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48. New Coronavirus Pandemic - Reversing the Poverty Reduction Trend with COVID-19

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On May 23, 2020, The Economist discussed how a new coronavirus infection (COVID-19) could reverse recent progress in reducing global poverty and cause the number of people living in poverty to soar. The number of people living in absolute poverty has declined from 2 billion or 36% of the world's population in 1990 to 630 million or 8% by last year. The World Bank estimates that at least 49 million people will fall into absolute poverty as a result of the lockdown and the collapse of the global economy, but this was a forecast as of April and recent figures suggest a much darker future. One estimate said that a 20 percent drop in global per capita income could last for at least several months, raising the number of people in absolute poverty to 4.2 million, the equivalent of the population of South America. While lockdowns in developed countries allow for remote work and tax-financed unemployment and absence compensation, the situation is different in poor countries. If you don't go to work, you don't have any income, and the decrease in income directly leads to food shortages. The World Food Program (WFP) predicts that acute hunger will double by the end of 2020.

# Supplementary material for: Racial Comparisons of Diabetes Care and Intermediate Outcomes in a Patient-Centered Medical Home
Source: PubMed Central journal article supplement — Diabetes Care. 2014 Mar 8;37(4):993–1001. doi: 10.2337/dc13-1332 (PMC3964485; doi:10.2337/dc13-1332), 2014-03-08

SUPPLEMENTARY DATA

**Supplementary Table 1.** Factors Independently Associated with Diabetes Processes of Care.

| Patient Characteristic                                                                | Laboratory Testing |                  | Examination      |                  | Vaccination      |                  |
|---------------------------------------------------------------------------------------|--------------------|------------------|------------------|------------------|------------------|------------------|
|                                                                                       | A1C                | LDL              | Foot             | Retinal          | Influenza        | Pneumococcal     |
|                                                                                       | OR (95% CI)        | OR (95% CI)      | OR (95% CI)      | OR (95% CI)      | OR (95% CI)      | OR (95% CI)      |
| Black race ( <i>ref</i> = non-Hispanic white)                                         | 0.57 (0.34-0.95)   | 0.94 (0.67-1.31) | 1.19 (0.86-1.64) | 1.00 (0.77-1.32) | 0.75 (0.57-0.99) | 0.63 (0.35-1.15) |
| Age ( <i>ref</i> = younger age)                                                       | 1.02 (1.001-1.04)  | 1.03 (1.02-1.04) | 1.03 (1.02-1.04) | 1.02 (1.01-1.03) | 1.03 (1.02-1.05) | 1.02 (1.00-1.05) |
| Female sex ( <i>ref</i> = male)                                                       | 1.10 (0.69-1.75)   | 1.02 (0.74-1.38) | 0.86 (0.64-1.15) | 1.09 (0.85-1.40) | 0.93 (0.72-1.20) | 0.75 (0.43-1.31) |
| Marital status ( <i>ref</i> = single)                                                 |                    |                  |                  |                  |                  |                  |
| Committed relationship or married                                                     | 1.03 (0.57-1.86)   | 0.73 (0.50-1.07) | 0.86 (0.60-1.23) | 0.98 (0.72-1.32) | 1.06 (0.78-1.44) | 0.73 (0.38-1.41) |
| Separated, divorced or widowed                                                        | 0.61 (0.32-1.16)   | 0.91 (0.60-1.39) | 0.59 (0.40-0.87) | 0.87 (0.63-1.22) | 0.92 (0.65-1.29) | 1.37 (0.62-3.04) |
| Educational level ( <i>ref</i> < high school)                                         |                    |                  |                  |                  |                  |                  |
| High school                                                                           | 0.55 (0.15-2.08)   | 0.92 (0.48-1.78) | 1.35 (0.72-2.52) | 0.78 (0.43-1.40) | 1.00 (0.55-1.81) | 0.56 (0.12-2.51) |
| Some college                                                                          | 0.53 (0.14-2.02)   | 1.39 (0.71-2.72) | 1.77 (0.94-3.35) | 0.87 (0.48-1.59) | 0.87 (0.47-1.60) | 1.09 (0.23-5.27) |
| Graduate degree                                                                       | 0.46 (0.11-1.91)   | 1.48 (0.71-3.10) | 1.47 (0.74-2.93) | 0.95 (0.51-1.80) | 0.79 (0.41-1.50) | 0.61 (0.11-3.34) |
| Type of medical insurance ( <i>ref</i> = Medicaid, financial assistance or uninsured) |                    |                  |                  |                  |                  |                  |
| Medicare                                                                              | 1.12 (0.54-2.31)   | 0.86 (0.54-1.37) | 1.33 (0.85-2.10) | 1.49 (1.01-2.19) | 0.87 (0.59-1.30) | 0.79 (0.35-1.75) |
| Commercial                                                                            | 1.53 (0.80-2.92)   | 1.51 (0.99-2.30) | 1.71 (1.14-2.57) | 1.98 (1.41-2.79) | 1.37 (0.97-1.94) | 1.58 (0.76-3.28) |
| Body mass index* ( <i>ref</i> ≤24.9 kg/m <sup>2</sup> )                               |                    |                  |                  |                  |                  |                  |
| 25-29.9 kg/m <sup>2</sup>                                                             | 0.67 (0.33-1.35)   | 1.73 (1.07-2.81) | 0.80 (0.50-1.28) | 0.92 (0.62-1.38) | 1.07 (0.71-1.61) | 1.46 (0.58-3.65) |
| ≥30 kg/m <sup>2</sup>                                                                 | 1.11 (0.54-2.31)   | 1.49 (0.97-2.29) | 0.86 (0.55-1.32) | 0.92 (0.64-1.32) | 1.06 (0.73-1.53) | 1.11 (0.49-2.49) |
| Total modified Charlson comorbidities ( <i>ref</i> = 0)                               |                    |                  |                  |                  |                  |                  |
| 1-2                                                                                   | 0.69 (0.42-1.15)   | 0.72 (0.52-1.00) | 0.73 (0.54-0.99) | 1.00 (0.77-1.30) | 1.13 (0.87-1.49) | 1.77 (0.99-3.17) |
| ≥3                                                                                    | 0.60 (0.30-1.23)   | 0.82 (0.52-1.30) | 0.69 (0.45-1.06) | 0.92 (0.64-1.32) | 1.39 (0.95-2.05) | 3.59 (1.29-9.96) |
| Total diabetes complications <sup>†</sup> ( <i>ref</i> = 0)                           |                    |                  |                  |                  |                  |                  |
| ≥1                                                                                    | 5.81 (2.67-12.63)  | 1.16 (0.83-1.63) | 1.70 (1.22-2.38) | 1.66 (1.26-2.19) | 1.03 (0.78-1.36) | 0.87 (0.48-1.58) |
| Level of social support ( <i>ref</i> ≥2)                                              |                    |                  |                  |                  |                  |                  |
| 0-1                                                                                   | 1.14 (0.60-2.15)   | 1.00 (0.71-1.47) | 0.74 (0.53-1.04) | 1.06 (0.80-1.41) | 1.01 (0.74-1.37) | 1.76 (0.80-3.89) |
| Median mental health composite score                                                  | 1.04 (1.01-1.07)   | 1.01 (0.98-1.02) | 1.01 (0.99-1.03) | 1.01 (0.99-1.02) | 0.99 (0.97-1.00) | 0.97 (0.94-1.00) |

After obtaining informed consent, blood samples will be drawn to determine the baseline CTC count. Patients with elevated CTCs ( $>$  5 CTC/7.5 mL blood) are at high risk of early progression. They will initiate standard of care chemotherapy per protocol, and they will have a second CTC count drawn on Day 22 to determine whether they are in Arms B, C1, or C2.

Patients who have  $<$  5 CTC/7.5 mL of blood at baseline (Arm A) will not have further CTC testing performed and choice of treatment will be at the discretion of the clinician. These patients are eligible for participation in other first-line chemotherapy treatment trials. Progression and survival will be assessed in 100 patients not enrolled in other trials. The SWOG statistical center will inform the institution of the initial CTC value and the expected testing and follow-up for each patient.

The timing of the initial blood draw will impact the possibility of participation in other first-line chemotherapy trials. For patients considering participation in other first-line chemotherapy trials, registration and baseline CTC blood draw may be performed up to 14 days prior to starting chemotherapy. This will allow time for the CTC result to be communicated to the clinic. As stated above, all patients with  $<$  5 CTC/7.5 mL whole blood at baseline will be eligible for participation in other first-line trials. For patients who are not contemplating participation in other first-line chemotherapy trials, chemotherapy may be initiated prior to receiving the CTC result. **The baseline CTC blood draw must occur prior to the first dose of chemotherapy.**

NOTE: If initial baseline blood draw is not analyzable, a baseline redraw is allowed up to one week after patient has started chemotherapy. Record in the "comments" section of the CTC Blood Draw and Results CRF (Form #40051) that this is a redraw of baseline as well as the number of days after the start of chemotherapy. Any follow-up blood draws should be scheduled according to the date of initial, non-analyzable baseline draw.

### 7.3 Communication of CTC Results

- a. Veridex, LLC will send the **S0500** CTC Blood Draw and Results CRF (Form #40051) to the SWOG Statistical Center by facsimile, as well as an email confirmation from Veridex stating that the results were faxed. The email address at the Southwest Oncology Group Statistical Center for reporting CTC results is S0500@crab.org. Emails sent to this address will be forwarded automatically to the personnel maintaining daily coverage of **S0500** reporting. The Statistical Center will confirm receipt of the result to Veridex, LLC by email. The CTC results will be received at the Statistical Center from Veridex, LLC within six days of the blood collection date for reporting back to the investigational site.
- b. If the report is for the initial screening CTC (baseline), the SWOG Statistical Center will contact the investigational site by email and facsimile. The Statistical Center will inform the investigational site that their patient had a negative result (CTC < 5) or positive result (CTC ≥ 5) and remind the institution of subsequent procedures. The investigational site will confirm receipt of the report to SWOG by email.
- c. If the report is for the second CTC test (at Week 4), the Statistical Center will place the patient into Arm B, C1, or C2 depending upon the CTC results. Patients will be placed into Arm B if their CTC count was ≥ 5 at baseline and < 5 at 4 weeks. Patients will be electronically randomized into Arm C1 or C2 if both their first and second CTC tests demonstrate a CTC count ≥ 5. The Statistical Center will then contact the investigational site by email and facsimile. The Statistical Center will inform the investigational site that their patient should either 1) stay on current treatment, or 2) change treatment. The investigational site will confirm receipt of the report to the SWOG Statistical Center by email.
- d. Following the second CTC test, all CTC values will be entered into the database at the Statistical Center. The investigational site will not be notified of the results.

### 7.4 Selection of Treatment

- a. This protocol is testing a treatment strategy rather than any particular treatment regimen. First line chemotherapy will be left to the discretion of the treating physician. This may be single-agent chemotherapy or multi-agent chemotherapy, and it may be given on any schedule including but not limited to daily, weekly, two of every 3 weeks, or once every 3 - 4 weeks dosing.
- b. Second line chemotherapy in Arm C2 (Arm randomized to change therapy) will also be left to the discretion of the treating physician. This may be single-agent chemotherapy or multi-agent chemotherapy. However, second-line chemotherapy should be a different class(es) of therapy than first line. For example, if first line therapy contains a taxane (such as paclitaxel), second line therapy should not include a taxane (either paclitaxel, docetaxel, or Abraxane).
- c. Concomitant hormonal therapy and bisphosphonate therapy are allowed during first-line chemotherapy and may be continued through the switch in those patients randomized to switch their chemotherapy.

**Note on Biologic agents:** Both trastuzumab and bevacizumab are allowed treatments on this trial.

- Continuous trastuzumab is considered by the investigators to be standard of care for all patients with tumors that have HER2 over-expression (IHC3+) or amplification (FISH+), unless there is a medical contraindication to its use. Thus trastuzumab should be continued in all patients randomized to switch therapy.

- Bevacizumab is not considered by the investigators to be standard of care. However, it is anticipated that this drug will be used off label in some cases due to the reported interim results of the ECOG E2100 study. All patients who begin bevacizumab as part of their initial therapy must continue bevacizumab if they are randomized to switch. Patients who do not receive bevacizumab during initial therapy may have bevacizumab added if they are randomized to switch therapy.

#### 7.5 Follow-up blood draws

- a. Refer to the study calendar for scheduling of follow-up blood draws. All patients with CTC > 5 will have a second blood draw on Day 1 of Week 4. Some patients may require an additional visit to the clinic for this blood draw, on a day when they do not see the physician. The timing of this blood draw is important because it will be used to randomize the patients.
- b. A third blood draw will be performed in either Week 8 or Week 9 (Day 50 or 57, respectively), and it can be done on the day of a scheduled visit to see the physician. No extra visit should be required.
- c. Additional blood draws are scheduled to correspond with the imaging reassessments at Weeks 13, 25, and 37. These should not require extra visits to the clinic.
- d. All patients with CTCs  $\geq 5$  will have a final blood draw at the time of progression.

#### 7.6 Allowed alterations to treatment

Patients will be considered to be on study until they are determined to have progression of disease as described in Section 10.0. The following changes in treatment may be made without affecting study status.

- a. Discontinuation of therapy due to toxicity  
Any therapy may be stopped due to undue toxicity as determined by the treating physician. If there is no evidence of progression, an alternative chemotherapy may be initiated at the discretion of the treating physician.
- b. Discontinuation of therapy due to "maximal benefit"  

According to a note published by the World Bank based on a comprehensive analysis of data from 45 of the 48 countries in Sub-Saharan Africa (How Much Will Poverty Rise in Sub-Saharan Africa in 2020?), pandemics will significantly reduce GDP per capita growth in 2020, exacerbating poverty. According to a note published by the World Bank (How Much Will Poverty Rise in Sub-Saharan Africa in 2020? The pre-crisis GDP per capita growth rate was estimated at 1.7%, but the pandemic is expected to reduce it by 5-7%, to 3.1% in the baseline and 5.5% in the worst case scenario. In sub-Saharan Africa, the number of people in absolute poverty, defined at $1.9 per day, is assumed to increase by an additional 26 to 58 million, and the poverty rate could rise by 2 percent, returning to 2015 levels and wiping out the progress made in reducing poverty over the past five years. Half of the new poor population will be concentrated in five countries: the Democratic Republic of Congo, Ethiopia, Kenya, Nigeria, and South Africa, with 6.9 million new poor in Nigeria in particular. Sao Tome and Principe, Zimbabwe, Niger, the Republic of Congo, Sierra Leone, and Botswana are expected to experience the largest increases in poverty.